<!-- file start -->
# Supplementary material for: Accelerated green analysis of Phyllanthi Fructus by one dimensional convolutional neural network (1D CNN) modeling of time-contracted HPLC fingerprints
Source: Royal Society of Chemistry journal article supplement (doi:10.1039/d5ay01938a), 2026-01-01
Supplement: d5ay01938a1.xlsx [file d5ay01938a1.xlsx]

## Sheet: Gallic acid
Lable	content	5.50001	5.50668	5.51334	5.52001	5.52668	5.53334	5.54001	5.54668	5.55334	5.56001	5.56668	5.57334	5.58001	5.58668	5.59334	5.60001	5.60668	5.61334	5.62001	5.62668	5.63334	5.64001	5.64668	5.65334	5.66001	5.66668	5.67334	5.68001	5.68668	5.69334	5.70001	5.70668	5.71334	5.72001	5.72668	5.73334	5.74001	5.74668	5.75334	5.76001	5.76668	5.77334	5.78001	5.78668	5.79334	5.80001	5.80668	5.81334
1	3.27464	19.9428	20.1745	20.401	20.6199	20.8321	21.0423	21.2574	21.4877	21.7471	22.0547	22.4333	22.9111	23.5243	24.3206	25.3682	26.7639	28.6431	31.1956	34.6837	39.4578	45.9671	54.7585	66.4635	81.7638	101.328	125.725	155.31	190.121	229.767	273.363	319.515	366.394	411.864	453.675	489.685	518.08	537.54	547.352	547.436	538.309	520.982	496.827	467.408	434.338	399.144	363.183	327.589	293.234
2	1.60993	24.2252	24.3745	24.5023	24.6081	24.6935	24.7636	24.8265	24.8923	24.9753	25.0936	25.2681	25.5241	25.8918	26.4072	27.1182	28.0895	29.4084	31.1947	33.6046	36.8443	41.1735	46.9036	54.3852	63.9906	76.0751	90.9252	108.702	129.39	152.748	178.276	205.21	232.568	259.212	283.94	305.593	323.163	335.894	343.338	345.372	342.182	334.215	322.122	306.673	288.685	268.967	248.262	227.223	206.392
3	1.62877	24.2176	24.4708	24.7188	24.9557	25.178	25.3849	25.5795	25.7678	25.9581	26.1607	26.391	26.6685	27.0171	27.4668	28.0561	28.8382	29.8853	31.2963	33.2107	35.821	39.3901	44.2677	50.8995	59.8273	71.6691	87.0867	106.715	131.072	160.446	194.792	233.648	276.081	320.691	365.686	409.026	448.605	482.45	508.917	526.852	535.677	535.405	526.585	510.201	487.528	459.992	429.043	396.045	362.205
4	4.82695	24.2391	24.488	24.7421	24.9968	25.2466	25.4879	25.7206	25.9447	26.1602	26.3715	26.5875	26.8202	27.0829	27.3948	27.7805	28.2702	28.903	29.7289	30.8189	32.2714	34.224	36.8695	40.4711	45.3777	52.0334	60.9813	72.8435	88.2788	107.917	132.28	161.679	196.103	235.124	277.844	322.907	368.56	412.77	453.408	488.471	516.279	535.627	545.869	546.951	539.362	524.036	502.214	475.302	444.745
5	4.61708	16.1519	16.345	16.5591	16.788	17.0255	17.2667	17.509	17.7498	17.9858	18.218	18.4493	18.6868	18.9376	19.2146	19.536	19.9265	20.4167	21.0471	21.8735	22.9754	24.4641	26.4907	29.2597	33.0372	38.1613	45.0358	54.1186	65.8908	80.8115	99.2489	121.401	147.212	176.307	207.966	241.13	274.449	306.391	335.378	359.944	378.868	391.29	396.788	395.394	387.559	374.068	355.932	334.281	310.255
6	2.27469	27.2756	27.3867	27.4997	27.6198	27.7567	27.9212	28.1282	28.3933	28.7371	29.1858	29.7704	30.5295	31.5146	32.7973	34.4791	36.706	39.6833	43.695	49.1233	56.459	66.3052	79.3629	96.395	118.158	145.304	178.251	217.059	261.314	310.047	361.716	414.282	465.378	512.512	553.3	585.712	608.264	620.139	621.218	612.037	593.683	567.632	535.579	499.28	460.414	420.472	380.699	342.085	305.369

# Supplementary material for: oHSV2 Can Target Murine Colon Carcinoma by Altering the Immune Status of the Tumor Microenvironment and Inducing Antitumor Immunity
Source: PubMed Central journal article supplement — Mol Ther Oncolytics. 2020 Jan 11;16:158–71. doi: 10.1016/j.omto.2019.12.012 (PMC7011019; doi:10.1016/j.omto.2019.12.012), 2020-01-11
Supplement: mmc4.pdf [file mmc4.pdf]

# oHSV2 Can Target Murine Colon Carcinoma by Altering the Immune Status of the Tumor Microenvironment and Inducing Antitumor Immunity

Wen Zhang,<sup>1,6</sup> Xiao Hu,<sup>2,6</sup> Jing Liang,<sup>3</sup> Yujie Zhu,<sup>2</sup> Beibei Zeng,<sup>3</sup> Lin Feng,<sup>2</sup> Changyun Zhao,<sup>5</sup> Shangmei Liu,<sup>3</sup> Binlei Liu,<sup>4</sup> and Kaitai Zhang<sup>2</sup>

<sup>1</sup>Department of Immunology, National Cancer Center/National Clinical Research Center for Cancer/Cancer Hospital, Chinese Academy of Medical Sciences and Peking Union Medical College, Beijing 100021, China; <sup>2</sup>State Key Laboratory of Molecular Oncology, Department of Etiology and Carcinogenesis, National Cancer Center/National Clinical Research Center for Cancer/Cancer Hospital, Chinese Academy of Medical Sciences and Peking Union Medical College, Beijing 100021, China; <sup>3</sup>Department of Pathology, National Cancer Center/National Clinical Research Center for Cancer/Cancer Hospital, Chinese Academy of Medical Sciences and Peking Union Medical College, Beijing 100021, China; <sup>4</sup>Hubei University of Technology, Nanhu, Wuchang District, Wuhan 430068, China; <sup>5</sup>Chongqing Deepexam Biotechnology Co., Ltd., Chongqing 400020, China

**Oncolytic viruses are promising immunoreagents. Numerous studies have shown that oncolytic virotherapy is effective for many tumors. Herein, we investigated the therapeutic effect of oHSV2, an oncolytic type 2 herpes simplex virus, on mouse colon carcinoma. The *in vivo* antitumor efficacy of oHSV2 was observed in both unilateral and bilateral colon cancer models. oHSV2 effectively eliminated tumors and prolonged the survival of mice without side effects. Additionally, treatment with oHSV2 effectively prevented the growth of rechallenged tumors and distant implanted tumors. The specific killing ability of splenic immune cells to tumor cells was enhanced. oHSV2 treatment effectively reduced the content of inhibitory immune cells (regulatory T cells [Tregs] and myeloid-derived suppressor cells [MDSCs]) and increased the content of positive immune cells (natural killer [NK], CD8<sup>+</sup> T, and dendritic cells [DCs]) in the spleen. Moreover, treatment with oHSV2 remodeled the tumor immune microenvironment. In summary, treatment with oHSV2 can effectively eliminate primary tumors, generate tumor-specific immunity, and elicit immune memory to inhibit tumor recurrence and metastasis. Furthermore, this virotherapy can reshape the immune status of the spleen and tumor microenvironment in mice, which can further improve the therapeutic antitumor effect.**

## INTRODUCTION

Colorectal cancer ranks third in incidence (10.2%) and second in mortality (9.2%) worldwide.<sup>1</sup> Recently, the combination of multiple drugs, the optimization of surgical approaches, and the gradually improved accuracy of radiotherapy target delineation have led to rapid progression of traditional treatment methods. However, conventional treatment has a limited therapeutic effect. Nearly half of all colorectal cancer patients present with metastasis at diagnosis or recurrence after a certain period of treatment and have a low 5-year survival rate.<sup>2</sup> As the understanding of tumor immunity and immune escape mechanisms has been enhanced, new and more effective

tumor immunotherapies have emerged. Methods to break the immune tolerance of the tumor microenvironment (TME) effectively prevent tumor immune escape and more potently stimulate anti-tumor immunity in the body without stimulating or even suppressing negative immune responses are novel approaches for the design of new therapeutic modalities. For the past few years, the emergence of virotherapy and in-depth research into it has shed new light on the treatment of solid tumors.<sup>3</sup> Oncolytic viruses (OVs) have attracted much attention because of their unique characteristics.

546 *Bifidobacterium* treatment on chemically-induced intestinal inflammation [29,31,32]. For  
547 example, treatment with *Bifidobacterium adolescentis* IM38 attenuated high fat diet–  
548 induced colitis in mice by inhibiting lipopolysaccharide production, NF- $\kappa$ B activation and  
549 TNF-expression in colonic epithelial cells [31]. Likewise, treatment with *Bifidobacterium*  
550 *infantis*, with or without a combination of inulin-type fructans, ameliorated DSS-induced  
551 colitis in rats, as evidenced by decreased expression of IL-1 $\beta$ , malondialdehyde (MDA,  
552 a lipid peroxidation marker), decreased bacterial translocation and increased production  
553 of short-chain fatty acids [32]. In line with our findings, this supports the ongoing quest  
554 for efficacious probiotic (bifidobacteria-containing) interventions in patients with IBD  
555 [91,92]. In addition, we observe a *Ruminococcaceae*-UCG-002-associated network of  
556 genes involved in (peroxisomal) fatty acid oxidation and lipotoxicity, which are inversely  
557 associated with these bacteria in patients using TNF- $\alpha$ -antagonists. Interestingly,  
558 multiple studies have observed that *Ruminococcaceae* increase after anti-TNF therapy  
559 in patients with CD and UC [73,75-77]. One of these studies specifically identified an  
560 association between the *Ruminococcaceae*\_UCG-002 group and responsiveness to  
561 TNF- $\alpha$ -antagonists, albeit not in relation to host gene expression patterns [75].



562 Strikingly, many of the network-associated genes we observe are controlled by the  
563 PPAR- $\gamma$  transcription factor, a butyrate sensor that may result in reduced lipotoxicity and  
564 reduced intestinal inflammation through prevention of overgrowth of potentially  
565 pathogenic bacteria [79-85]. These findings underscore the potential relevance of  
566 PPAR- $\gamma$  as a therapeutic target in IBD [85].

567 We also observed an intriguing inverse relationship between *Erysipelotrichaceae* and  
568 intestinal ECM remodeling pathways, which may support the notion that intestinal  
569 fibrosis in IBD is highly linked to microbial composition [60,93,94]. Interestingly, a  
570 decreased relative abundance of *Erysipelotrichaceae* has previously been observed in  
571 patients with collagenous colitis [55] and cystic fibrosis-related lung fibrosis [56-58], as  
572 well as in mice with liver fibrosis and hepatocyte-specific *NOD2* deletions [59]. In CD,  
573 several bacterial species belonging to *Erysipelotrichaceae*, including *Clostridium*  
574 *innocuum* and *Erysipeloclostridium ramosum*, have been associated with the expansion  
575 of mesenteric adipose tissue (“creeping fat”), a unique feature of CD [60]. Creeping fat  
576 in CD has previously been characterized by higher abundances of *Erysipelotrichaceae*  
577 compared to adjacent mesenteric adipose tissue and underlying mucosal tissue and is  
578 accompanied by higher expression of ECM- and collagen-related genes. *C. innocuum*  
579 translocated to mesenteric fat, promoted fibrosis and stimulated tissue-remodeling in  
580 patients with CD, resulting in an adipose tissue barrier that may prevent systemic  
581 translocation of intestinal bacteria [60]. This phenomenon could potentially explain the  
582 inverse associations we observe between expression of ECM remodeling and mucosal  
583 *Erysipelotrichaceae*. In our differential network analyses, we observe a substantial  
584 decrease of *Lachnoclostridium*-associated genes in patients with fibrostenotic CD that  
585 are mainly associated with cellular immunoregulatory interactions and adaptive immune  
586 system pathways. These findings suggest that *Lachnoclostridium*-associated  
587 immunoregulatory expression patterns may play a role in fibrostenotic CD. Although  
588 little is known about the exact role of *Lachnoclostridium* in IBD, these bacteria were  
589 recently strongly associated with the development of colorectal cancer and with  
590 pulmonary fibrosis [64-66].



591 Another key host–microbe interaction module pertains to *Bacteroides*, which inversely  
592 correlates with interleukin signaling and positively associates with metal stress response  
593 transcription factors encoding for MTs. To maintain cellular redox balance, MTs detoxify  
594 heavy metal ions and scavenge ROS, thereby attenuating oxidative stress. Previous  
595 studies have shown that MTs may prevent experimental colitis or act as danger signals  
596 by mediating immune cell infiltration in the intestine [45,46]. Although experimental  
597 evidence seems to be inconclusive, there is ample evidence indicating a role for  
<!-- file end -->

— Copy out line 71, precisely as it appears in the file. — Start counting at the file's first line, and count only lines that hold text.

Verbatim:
595 studies have shown that MTs may prevent experimental colitis or act as danger signals  